About a week after my  conversation with Nancy, I went home to Laredo and my sister and I started cleaning out a hug “colote” an industrial sized bin where my mother had stored clothing. Among the various items we found several dresses from when I wore a size 2.  And the prom dress. I remember when we saw it, I was moved to tears and immediately tried it on. Miraculously, it fit! Although now I am wearing a size 8 or 10, depending on the style. So I took it as an omen and when I got back to San Antonio, called Nancy and the dress was soon on its way to them.

But coming back to DC has also spurred memories of when I lived in the district, on 7th and D street NE, in fact. Memories of the many friends I made during that brief stay that was cut short by the Congress led by Newt Gingrtich cut the funding and I had to return to Laredo earlier than expected.  My two Puerto Rican friends—the only other Latinx in the institution—at least that I knew of–were let go, I lasted till the end of the year, but soon I too had to go.

The time in DC was well spent and I thoroughly enjoyed every aspect of the city—its theater, its music, its large central American population (I learned to love pupusas!), en fin, I loved the city. I taught continuing education classes at Georgetown, finding the self-motivated students hungry for Latina and Chicana literature.

The images flash in my mind’s eye full of color and music and laughter. Saturday mornings shopping at Filene’s Basement or at the discount store where there were no dressing rooms just a huge room where you took the clothes and disrobed and tried on clothes in the company of dozens of women who were doing the same. We bought groceries at BJ’s ate at the Chinese restaurant in Shirlington before going to see the latest artsy film.  My weekdays were spent at the office calling and filling out forms, evaluating the material and filling out paperwork; my consolation was the writing work I did at night. Canicula was revised and finished during that time; I wrote a review of one of Benjamin Alire Saenz’s novel, Carry me like Water for the Washington Post.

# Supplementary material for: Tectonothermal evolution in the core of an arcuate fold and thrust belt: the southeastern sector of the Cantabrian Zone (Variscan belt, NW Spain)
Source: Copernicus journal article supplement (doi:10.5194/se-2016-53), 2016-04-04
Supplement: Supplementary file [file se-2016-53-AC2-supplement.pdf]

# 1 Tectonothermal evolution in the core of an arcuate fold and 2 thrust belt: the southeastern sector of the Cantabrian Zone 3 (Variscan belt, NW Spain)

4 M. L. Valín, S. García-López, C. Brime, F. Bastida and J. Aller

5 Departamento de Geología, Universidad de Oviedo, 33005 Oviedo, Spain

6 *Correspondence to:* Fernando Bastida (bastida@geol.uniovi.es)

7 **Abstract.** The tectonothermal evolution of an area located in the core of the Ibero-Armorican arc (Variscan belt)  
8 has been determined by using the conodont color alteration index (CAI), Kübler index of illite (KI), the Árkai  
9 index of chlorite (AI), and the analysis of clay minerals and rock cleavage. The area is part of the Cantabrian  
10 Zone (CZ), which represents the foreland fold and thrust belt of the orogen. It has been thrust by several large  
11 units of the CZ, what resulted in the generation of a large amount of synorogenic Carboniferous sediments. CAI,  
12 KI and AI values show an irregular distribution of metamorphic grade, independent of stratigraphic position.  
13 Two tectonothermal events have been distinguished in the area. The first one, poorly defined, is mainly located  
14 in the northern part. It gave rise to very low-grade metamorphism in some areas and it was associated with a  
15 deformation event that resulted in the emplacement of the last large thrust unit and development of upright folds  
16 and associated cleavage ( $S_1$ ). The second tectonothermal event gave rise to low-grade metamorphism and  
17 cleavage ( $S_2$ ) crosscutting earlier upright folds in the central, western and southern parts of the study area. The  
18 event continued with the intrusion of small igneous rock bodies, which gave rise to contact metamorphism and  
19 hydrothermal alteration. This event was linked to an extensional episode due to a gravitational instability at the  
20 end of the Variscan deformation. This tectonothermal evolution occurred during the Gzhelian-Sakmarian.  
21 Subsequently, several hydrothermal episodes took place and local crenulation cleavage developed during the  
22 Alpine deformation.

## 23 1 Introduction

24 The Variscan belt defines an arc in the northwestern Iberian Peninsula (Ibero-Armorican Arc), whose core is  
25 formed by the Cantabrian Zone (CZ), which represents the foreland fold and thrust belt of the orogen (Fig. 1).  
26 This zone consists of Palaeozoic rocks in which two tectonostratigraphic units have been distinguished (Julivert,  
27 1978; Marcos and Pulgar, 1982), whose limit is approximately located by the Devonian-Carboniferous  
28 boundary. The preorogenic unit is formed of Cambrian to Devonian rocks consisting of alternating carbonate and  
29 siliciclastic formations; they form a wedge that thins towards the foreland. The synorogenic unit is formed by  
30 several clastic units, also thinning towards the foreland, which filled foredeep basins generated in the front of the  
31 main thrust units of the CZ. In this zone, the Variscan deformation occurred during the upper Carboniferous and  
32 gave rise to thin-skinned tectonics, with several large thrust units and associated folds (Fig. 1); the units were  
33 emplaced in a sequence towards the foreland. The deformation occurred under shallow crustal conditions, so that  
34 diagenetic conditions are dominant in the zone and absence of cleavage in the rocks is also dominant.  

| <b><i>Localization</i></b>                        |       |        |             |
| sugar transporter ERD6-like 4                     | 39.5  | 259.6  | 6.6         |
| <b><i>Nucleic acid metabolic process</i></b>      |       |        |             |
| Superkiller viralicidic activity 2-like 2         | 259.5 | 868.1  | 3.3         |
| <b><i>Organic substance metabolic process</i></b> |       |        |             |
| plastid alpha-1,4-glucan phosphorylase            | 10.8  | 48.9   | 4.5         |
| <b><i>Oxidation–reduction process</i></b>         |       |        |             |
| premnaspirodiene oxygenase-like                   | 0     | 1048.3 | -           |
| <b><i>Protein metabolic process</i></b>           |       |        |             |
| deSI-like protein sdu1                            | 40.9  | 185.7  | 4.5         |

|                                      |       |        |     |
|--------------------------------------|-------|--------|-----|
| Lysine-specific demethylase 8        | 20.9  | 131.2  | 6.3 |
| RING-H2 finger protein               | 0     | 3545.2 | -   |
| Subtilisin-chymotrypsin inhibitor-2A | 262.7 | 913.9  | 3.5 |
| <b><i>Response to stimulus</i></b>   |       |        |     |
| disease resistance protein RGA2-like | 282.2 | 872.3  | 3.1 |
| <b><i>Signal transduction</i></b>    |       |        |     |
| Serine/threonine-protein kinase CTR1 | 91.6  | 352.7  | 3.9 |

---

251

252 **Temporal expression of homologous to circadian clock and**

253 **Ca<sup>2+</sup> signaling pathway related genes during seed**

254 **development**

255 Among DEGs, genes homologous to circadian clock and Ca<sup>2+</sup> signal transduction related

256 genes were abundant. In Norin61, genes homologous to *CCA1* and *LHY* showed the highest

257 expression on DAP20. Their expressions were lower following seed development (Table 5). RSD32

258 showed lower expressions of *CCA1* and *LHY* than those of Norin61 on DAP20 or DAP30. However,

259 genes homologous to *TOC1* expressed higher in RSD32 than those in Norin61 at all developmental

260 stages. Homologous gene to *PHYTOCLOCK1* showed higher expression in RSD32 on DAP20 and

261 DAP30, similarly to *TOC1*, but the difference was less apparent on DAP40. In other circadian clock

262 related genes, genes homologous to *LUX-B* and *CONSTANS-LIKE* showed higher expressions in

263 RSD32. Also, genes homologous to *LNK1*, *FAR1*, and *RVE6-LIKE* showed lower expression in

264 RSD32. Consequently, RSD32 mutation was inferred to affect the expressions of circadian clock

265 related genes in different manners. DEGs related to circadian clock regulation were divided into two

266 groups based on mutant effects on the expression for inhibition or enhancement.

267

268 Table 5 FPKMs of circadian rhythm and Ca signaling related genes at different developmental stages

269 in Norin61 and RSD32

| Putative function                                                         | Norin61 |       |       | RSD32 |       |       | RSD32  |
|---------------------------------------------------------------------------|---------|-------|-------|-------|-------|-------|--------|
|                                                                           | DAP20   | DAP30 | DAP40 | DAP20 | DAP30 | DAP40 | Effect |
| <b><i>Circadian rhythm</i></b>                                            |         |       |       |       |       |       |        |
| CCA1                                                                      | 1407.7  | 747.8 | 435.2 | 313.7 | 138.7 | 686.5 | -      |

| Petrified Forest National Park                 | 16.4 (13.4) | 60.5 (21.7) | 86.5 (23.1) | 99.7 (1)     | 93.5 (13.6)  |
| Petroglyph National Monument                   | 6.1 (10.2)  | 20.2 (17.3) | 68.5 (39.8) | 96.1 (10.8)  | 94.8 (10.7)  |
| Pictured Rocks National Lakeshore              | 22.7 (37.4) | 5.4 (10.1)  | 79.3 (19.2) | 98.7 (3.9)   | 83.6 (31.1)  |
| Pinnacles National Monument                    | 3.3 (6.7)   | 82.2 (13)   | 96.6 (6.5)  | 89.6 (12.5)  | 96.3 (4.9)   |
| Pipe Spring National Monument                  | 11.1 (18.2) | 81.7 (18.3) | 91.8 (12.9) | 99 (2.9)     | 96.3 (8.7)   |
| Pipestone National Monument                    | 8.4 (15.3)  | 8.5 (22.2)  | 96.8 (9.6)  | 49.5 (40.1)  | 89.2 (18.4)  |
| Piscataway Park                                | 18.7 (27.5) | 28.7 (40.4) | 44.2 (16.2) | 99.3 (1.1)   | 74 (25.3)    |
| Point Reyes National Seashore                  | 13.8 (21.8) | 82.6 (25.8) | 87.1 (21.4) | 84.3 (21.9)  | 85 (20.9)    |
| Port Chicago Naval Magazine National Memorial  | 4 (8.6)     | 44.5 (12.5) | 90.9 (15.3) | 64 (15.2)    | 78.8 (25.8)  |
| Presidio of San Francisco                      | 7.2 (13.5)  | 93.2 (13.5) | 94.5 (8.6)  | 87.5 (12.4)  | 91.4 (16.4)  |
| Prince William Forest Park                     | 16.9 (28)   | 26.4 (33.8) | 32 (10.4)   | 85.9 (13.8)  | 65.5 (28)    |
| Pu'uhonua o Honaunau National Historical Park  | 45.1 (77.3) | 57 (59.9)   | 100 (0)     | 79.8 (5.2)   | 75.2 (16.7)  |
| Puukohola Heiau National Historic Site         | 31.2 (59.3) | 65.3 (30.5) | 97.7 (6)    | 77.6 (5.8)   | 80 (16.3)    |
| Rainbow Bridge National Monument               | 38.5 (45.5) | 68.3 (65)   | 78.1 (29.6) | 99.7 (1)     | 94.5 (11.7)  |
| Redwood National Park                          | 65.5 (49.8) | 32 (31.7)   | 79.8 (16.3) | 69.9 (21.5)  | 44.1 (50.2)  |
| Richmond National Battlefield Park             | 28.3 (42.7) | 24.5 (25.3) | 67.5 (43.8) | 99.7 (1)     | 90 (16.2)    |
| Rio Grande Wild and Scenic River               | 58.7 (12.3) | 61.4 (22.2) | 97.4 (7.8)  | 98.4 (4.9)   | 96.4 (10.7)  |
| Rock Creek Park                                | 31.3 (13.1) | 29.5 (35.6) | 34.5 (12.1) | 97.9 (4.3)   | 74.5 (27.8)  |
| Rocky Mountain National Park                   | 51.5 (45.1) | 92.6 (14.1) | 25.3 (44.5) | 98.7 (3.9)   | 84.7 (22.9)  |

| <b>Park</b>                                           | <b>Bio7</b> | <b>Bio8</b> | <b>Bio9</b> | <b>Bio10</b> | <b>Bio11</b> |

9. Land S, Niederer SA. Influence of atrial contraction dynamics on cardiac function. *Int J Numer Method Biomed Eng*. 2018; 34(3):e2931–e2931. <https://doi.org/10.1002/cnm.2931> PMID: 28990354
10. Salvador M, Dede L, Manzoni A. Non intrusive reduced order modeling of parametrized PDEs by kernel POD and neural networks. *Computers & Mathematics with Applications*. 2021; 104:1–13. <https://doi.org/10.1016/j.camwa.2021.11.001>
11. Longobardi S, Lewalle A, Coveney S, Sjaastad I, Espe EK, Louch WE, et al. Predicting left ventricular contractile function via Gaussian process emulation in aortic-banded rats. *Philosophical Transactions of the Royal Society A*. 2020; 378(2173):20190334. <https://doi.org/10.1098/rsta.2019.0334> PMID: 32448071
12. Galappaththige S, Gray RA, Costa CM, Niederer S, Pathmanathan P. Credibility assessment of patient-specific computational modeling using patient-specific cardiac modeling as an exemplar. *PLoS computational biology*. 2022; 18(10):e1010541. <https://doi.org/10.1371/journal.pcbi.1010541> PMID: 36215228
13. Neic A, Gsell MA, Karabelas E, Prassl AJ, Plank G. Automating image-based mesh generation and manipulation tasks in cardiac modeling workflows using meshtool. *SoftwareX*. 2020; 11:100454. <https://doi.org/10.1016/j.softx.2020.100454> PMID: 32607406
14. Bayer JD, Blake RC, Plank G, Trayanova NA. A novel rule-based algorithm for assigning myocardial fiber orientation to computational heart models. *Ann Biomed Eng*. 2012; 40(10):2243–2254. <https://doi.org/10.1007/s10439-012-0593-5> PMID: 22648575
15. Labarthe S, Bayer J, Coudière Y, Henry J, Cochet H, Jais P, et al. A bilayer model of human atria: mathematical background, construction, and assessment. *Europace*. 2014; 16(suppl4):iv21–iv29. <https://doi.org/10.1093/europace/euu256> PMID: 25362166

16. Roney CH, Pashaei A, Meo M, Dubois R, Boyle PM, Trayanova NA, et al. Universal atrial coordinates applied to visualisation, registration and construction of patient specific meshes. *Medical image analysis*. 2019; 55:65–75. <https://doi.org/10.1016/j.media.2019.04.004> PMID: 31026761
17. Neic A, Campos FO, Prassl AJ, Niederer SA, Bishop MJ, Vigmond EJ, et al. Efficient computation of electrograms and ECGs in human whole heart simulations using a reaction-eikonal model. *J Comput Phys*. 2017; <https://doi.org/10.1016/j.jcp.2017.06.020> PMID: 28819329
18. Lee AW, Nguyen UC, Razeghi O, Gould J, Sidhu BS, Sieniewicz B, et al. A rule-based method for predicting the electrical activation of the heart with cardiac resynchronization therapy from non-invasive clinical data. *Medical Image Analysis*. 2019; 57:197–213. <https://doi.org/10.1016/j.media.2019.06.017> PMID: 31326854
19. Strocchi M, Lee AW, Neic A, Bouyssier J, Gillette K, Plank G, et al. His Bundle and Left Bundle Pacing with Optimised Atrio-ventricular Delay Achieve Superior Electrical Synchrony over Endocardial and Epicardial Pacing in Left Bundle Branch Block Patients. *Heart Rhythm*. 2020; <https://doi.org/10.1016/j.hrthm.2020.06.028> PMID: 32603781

In the end, the work was rewarding, but I knew it was temporary. And important! I also fell in love, walked under the cherry blossoms in spring, took long walks in RockCreek, met up with Max Holland from Nebraska days, visited bookstores, ate lunch at outdoor cafes, and lived like any city office clerk, which I kept telling myself I was not.

I met artists, musicians, writers, and of course, young staffers and interns. It was the Clinton era and the young people flocked to DC to work as staffers or interns and work for free.

When it was time to leave and go back to Texas, my heart shrank at the thought of returning to my old life in Laredo. But it was worth it! I stopped working the festival when I left, think. And now. I am back,  back to eating lunch on a hot muggy summer day under a tent that is trying its best to protect us but like a new mother unsure of what to do remains minimally efficient. The red checkered tablecloths on the participant tent tables remind me of previous festivals. We will be talking about the tradition tomorrow and Sunday. My heart aches thinking of the past festivals peopled by good folks, some who are now gone! I shudder passing through the Marriott’s front door—there it is again, Déjà vu.